Friday, April 24, 2009

Translating Policy Into Practice


Translating Policy Into Practice

The media reports that the cabinet has decided that children of marriages where one spouse subsequently embraces Islam would remain in the faith that the parents had agreed on at the time of marriage. The cabinet has also appeared to decide that the civil courts are to dissolve such marriages.

These decisions are welcome ones. They indicate willingness on the part of the administration to deal with issues that have for some time now been studiously avoided, a state of affairs that had prompted the establishment of the coalition of NGOs calling itself “Article 11” and its “Equal Protection For All” campaign in 2006.

The decisions also indicate the policy position of the current administration, one that on its face appears to adhere to the constitutional guarantees of equality and the right of parents to choose the religion of their children. The Constitution guarantees the right of a parent to decide the religious instruction of a minor child. The Constitution provides that words in the singular are to be understood to include the plural, parent being “parents”. By virtue of this and the guarantee against discrimination on grounds of gender, it is clear that the intention was to vest guardianship rights in both parents. This is reinforced by federal law.

I am however uncertain as to how this policy position is to translate into practice as the cabinet has little or no direct power in this regard. Religion is a matter for the state and not the federal government; each state has exclusive authority over the administration of Islam within the boundaries of that state. This would include matters of conversion of children and the jurisdiction of the syariah courts, both of which are matters in respect of which the state legislative assembly has the competence to enact laws on.

Though the constitution itself lends support to the policy position of the cabinet, and as such could be invoked to reign in those state agencies involved in these matters, the question of whether there has been a transgressing of limits is one for the courts. The courts have however in recent years handed down decision after decision that have undermined the constitutional framework and entrenched as principle the very matters that the cabinet now wishes to address.

In 2004, the High Court in Shamala Sathiyaseelan ruled that the converting husband had a right to convert the children into Islam without the consent of the wife. The court also ruled that it had no jurisdiction to entertain the wife’s application to challenge the legitimacy of the conversion. Accepting that the wife was without recourse for not being able to move the syariah court as a non-muslim, the court counseled her to seek the assistance of the Majlis Agama. This is a scenario that the majority decision of the Federal Court in Lina Joy reinforced in 2007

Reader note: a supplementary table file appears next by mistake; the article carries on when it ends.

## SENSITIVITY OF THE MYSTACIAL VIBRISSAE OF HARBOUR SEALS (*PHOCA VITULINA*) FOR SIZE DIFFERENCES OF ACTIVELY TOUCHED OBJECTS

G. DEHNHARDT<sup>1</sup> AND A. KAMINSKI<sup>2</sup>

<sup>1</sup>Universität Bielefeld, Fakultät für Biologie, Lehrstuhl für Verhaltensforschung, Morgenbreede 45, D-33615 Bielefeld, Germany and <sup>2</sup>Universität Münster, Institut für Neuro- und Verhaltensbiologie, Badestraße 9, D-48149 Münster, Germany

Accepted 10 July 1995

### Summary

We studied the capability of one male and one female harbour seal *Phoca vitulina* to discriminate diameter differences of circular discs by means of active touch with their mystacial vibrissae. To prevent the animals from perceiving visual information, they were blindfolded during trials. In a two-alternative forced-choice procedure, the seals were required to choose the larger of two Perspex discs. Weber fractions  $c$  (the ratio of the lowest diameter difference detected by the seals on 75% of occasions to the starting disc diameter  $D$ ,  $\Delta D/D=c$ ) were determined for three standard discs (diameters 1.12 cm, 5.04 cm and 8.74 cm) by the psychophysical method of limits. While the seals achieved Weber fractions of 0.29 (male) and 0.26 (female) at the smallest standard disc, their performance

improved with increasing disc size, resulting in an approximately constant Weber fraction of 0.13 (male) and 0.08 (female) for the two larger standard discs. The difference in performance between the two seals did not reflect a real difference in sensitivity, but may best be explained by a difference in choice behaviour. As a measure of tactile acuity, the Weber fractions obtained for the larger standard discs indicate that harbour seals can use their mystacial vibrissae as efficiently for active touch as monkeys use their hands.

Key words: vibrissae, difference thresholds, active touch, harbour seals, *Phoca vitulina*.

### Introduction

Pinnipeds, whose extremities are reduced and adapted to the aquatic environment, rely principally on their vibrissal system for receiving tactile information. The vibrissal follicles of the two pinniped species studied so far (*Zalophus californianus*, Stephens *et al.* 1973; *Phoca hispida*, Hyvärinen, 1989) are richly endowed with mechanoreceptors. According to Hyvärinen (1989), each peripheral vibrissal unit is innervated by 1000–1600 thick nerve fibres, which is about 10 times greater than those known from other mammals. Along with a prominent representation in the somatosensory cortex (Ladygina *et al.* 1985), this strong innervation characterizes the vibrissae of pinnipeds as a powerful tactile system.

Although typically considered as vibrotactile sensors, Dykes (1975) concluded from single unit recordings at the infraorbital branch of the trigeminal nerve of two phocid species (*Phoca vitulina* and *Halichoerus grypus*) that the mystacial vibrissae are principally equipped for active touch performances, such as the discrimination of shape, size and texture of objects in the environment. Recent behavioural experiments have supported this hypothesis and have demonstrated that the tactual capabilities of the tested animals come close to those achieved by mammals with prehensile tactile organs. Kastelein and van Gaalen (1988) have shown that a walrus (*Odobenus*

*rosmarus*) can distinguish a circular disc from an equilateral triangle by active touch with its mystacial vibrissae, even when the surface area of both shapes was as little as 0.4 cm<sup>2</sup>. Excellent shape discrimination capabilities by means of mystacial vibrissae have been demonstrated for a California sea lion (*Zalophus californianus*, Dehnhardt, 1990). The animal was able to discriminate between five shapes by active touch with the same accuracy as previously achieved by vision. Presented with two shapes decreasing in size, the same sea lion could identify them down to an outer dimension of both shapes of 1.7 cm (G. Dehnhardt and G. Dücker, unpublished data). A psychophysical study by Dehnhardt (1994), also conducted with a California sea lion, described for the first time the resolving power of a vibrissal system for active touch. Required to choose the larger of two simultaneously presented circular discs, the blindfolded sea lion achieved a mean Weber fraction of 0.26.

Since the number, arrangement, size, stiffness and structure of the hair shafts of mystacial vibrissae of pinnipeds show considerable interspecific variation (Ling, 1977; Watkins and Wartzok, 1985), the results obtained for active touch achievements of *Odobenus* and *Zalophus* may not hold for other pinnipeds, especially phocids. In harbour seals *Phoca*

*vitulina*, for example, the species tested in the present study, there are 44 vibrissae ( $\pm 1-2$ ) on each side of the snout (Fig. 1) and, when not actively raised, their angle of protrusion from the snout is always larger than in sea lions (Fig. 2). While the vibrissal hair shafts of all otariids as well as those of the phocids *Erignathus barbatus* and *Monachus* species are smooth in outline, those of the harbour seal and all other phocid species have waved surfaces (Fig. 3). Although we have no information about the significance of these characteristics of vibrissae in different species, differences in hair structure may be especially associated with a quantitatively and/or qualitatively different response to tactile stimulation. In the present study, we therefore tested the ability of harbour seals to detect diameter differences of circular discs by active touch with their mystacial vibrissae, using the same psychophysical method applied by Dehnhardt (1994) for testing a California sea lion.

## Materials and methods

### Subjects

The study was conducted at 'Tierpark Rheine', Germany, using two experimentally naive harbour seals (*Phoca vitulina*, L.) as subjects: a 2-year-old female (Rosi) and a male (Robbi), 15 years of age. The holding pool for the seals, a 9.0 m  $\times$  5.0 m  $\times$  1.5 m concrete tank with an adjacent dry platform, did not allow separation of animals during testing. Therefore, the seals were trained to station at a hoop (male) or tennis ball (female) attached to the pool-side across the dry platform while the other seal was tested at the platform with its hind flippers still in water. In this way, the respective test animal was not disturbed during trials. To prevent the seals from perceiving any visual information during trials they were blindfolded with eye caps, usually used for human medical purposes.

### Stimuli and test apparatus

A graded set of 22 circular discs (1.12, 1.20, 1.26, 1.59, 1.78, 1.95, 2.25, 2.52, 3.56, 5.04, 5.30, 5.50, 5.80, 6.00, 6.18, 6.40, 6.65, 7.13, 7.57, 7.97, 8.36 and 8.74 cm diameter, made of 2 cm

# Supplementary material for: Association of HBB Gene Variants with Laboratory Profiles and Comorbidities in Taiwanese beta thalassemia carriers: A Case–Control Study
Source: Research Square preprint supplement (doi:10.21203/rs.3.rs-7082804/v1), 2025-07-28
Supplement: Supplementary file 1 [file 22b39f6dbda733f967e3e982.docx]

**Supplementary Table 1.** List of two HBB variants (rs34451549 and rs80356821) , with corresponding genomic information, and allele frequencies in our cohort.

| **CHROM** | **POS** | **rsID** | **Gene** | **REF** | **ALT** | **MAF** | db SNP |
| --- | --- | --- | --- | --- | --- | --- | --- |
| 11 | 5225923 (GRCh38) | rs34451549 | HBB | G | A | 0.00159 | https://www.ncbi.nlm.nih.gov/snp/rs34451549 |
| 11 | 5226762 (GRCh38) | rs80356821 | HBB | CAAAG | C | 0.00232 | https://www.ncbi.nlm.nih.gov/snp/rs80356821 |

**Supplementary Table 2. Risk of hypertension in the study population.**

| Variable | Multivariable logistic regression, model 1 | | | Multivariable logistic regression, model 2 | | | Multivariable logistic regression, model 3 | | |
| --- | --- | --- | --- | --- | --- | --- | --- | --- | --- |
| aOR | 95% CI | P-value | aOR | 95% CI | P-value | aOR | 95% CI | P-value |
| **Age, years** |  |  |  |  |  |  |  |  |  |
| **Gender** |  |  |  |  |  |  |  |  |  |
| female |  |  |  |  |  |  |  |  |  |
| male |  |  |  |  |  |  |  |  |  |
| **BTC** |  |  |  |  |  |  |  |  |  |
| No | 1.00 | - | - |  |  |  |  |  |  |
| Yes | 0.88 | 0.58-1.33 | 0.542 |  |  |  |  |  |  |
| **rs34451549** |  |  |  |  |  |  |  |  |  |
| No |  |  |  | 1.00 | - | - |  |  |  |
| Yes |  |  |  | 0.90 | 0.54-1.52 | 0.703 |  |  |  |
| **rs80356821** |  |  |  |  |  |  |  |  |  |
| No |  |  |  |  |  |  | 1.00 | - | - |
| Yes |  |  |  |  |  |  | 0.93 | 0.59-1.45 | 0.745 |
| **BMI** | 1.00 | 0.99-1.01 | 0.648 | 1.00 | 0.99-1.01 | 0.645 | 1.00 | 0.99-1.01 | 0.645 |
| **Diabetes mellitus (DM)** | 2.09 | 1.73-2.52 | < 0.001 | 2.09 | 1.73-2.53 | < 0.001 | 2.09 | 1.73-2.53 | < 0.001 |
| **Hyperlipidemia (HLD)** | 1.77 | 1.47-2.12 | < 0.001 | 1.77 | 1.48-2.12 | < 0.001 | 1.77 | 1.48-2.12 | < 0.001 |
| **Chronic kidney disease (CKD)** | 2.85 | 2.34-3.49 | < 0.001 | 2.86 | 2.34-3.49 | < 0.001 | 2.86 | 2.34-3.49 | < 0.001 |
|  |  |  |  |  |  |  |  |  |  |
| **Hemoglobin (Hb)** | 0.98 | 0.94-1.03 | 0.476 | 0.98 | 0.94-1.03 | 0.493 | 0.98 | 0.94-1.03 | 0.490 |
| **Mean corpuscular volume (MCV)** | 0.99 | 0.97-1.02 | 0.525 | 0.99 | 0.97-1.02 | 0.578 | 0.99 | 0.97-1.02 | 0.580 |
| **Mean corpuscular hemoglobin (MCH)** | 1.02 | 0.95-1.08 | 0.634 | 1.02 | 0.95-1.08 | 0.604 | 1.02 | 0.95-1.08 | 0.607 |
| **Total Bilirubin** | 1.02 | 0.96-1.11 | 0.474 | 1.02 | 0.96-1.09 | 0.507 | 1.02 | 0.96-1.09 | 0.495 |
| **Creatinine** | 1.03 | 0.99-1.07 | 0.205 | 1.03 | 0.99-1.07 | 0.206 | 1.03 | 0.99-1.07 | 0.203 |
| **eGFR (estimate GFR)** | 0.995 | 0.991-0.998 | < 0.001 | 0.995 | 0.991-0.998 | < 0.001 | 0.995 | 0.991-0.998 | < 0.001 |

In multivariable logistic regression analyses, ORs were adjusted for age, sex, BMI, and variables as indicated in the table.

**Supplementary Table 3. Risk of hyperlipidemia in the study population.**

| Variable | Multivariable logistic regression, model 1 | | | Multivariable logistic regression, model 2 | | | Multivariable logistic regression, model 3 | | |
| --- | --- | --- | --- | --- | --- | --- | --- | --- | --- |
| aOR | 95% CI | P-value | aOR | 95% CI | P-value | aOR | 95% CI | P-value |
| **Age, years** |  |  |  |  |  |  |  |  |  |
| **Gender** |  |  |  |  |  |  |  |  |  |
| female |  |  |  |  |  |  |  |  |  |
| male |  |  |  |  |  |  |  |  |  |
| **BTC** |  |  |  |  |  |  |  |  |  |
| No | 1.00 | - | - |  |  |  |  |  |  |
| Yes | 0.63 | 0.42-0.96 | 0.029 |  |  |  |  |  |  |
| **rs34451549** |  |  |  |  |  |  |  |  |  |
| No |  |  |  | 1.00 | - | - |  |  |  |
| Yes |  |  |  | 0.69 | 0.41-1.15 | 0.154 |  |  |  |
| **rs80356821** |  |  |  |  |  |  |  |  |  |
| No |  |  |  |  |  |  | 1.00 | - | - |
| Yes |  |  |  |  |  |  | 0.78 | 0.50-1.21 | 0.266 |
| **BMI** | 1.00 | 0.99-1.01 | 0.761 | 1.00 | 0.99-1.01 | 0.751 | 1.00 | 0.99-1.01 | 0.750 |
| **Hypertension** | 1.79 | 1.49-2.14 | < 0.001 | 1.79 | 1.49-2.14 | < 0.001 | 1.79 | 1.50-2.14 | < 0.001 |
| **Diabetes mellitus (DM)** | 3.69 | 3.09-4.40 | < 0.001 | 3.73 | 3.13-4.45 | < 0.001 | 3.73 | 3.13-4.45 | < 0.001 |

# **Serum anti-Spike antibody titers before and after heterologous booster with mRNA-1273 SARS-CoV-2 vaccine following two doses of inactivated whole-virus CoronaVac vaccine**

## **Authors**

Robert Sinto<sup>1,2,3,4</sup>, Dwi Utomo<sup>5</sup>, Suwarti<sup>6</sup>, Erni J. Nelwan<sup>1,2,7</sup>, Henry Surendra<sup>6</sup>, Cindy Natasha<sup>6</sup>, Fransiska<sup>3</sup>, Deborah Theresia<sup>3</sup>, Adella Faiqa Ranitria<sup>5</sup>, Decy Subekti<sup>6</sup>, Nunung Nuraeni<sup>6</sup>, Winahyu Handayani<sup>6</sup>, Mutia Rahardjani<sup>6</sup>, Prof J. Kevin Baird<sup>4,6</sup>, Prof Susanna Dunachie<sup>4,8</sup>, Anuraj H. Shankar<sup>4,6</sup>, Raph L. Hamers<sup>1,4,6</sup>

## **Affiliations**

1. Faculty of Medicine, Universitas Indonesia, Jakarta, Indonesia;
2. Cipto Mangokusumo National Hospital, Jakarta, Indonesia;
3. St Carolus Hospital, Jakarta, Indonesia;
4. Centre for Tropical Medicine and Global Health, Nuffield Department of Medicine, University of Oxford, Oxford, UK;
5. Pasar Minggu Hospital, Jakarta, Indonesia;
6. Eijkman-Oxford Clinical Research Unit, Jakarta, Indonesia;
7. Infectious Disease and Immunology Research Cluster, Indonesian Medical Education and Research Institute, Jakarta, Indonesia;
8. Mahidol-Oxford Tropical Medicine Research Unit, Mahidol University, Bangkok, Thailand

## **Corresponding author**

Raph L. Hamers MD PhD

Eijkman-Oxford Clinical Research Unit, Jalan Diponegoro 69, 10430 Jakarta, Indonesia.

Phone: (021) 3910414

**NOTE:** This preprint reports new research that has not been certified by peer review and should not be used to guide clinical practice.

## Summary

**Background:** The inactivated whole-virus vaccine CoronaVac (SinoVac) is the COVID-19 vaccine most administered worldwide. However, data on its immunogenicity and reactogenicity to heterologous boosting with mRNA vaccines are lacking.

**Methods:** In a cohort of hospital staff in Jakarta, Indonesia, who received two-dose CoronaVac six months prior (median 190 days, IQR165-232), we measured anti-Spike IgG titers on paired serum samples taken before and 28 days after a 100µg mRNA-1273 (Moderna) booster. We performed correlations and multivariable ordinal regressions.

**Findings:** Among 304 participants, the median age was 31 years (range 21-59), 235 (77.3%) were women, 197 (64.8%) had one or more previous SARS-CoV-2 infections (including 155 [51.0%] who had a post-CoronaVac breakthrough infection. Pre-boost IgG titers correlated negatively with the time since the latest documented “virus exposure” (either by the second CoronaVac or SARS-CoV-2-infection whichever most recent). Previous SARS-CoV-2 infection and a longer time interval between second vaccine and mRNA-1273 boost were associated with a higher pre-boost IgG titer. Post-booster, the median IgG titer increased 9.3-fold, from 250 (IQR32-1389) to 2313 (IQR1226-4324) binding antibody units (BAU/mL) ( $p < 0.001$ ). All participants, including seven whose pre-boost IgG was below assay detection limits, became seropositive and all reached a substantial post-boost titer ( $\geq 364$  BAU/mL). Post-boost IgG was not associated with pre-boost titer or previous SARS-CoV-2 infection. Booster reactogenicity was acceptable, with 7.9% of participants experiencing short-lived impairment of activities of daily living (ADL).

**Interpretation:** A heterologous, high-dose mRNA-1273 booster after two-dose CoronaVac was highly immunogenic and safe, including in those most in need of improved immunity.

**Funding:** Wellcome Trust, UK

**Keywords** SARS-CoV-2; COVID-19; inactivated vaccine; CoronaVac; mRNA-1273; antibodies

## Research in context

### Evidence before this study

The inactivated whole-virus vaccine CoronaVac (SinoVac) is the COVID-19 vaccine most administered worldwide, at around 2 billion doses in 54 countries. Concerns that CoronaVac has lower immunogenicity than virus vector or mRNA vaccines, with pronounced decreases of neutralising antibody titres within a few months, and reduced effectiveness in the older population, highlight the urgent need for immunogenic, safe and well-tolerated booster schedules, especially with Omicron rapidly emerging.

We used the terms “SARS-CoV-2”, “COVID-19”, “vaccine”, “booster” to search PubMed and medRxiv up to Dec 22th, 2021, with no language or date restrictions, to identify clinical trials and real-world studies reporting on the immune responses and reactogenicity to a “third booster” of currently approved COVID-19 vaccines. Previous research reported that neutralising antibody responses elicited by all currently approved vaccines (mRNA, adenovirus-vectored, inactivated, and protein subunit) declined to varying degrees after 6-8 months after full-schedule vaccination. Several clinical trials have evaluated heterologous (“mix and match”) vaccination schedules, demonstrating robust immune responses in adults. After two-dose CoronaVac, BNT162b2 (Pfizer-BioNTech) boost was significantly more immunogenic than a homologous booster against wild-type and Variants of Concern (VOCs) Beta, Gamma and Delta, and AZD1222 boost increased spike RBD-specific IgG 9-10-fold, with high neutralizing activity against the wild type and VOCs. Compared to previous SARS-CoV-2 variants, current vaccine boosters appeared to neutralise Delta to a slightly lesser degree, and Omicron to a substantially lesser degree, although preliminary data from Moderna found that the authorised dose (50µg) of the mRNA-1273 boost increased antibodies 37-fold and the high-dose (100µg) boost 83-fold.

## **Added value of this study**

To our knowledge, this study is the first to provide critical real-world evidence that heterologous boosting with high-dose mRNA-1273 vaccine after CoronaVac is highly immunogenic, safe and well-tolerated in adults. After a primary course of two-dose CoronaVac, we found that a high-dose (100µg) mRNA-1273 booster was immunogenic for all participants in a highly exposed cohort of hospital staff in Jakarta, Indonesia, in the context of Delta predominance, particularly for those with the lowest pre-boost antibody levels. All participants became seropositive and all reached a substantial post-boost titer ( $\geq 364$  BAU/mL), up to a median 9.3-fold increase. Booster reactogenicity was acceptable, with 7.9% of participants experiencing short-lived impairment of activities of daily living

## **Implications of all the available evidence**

In the same vein, a majority bench of the Federal Court in Subashini Rajasingam concluded in 2008 that either parent could convert a child of the marriage into Islam. It ignored the non-discrimination guarantee as well as the interpretation provision for words in the singular and focused on the word “parent”, interpreting it to mean “parent” in the singular. The majority also decided that the muslim party was free to commence proceedings in the syariah court even though the non-muslim party was entitled to seek dissolution and maintenance and custody orders in the High Court.

These decisions and others like them stand in the way of the cabinet implementing its policy position. It is ironic that the decisions noted above were largely the result of ill conceived and shortsighted positions taken by the Attorney General’s Chambers on these matters, positions that sought to denude the High Court of jurisdiction to allow for the preservation of an unjust status quo.

To move forward, the cabinet must therefore take the bull by the horns.

I assume that the cabinet made its decisions based on advice from the Attorney General. It is therefore imperative that the Attorney General articulates his revised position on these issues in the courts as soon as possible. The Shamala case comes before the Court of Appeal on Monday and he should apply to intervene to make the necessary points. Being matters of great constitutional significance that are clearly in the public interest, they warrant his involvement.

(Malay Mail; 24th April 2009)

MIS

2 comments:

Nick said...

All the best to you. Of what i know of you, I've great respect that you have great respect for what is right. ~ Nik V

LAT said...

Malik,

Another controversial issue of great concern that need to be addressed is Section 95 of the Law Reform (Marriage & Divorce ) Act 1976, where maintenance of a child shall expire on the attainment by the child of the age of 18 yrs. This provision has caused hardship to many parent who have been granted by court of the order for custody,care & control but later on when the child reach 18 yrs, which is the inception of a very crucial age to persue higher/tertiary education, but then the maintenance parent stop & refuse to pay by the loophole of this provision and most of the custodian mothers suffer tremendously. Please help this group of women who have been sufferred in silence !